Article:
The veterans’ prime time used to be 7-8 am, but like in most Mysore rooms, it’s crept earlier because they just can’t wait to get on the mat. Most newcomers say it helps to know that getting up early for practice is effortless for so many. (For that matter, my alarm now goes off at 3:30 instead of 4; and in Mysore I usually get on the mat at 4:15. And, to be brutally honest, it’s awesome.) For now, our group’s energy is strongest from 6:30 – 7:30. You can come later if you want! But if you need a boost, you’ll get it by jumping in the 6:30 updraft. By contrast, if you arrive when the majority of people are finishing, what you’ll experience is their most calm, grounded, quiet energy. That’s also very nice, but one cannot really draft off it.

6. Start in with a sunshine lamp routine now. Get one and follow the instructions. If you don’t want to invest the money, ask your friends. Everyone who has one will tell you it changed their life. Michigan newcomers usually suffer their first winter or two before figuring this out. Why waste a year? I use a Phillips goLITE BLU light therapy device.

7. Get closely in contact with your love of the practice. It’s there, even amid suffering, obstacles and madness. Why else are you doing this, anyway? Ayurveda teaches that our deep desires are wise, and that on some level the nervous system knows things. I see different ways that each of you loves, and respects, and gives thanks for this practice. It is personal. I see that some of you love the way your mind and body operate on the days you practice; some of you love the quiet of the mornings; many of you love the sheer honesty of staying with this when it is physically, emotionally or psychically hard.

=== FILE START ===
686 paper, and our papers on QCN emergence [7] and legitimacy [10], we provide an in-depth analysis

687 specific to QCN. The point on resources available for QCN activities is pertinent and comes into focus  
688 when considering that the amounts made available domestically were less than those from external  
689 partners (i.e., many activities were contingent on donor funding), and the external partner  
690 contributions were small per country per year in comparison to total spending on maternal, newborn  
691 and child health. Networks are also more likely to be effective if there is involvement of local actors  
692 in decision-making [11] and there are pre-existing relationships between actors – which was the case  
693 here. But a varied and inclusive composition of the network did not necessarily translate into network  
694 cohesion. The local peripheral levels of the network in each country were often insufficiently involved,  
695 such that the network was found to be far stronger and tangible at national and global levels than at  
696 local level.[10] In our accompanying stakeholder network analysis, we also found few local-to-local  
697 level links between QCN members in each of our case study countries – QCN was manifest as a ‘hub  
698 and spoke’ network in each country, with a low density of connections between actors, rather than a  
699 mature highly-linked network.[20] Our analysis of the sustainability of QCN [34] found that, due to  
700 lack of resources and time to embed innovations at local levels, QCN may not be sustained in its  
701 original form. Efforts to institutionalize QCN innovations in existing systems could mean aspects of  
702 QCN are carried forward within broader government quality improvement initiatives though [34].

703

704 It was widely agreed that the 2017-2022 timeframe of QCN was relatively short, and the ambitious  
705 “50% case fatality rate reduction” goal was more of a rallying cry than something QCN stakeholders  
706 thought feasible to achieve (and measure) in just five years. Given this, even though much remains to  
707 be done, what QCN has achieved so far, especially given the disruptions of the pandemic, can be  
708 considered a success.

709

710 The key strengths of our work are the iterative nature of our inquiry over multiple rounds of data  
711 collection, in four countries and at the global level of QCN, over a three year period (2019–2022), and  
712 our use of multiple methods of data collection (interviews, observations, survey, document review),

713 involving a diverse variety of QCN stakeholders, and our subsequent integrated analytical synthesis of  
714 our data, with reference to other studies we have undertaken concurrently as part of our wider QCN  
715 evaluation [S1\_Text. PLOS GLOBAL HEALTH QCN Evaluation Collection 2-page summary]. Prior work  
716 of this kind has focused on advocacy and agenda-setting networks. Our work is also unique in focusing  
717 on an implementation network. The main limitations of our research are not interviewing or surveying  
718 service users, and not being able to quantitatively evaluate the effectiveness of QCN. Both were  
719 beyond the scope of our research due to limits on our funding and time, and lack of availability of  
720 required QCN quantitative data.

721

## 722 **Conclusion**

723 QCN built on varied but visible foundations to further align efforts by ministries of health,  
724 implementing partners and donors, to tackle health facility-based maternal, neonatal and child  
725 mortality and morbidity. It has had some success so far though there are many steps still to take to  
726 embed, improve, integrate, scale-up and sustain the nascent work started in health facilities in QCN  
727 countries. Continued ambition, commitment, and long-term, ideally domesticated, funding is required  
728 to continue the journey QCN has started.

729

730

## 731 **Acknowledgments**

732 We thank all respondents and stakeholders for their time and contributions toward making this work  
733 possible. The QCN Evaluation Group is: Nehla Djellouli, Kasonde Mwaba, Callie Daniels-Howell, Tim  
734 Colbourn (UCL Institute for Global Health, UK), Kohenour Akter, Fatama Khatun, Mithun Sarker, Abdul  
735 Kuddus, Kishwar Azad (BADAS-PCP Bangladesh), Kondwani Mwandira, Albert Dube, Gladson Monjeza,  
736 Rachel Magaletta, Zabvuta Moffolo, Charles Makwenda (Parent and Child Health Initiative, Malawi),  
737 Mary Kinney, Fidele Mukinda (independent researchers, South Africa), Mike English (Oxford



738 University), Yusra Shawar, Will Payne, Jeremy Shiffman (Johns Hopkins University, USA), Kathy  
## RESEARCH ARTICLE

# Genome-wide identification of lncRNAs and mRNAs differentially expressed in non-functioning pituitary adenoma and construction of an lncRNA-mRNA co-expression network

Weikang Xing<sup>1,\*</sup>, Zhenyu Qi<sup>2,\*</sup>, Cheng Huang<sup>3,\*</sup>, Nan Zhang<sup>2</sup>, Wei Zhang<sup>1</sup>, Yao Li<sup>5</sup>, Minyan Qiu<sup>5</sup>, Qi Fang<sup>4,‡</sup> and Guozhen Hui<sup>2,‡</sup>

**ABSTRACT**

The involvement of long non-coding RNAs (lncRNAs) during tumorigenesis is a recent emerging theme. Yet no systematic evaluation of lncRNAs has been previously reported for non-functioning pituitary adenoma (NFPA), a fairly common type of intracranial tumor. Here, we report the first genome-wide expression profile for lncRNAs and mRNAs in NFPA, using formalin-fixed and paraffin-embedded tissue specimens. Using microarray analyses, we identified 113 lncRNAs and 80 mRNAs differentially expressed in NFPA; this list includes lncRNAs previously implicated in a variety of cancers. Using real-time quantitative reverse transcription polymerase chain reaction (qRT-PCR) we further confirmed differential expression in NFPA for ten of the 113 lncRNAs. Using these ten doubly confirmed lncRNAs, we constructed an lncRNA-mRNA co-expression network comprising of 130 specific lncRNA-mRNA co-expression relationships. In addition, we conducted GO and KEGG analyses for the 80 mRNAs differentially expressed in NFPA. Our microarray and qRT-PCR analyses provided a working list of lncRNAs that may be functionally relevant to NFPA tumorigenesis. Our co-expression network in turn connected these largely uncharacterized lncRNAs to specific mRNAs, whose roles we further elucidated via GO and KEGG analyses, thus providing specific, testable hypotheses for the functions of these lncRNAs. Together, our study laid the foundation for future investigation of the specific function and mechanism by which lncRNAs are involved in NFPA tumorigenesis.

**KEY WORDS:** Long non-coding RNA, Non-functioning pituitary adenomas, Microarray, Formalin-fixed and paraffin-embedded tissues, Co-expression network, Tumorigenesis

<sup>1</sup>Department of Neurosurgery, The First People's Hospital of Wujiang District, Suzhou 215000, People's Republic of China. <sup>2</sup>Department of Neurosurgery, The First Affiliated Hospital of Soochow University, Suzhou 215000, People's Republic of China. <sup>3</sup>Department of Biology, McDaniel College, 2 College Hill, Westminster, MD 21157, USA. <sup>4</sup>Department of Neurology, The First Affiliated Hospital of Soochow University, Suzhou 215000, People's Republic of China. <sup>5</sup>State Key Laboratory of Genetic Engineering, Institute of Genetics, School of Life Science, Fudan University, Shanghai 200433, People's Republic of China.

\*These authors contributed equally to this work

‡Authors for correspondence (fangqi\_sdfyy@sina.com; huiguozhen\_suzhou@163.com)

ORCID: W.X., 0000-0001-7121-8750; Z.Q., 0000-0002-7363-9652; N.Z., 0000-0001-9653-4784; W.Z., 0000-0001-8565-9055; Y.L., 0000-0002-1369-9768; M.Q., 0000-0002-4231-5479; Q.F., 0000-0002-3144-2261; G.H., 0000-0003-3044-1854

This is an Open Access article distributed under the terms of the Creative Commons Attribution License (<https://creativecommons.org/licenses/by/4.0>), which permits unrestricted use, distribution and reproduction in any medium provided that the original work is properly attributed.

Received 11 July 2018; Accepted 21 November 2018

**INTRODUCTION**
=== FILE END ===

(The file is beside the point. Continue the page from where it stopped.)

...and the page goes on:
Whatever it is, that awe and love are high quality fuel (whereas guilt, shame, pride, superiority and achievement are not as great). Love and a little reverence tend to give us all more energy as the rhythms—hormones, appetites, emotions, inner vision, et cetera—find their way into agreement with each other.

This is how it works. Most of us have to effort it strongly at first, and then practice starts to do itself. I see for those of you in your second year that you are not pushing yourselves to practice so much as being practiced. Yes. Once this thing has a strong spin of its own, you move from (1) depending on external practice resources (like high concentration environments, others’ strong energy, and social norms that promote precise mental discipline) to (2) producing them for yourself and others. In this way, too, in the long run the yoga gives more energy than it takes.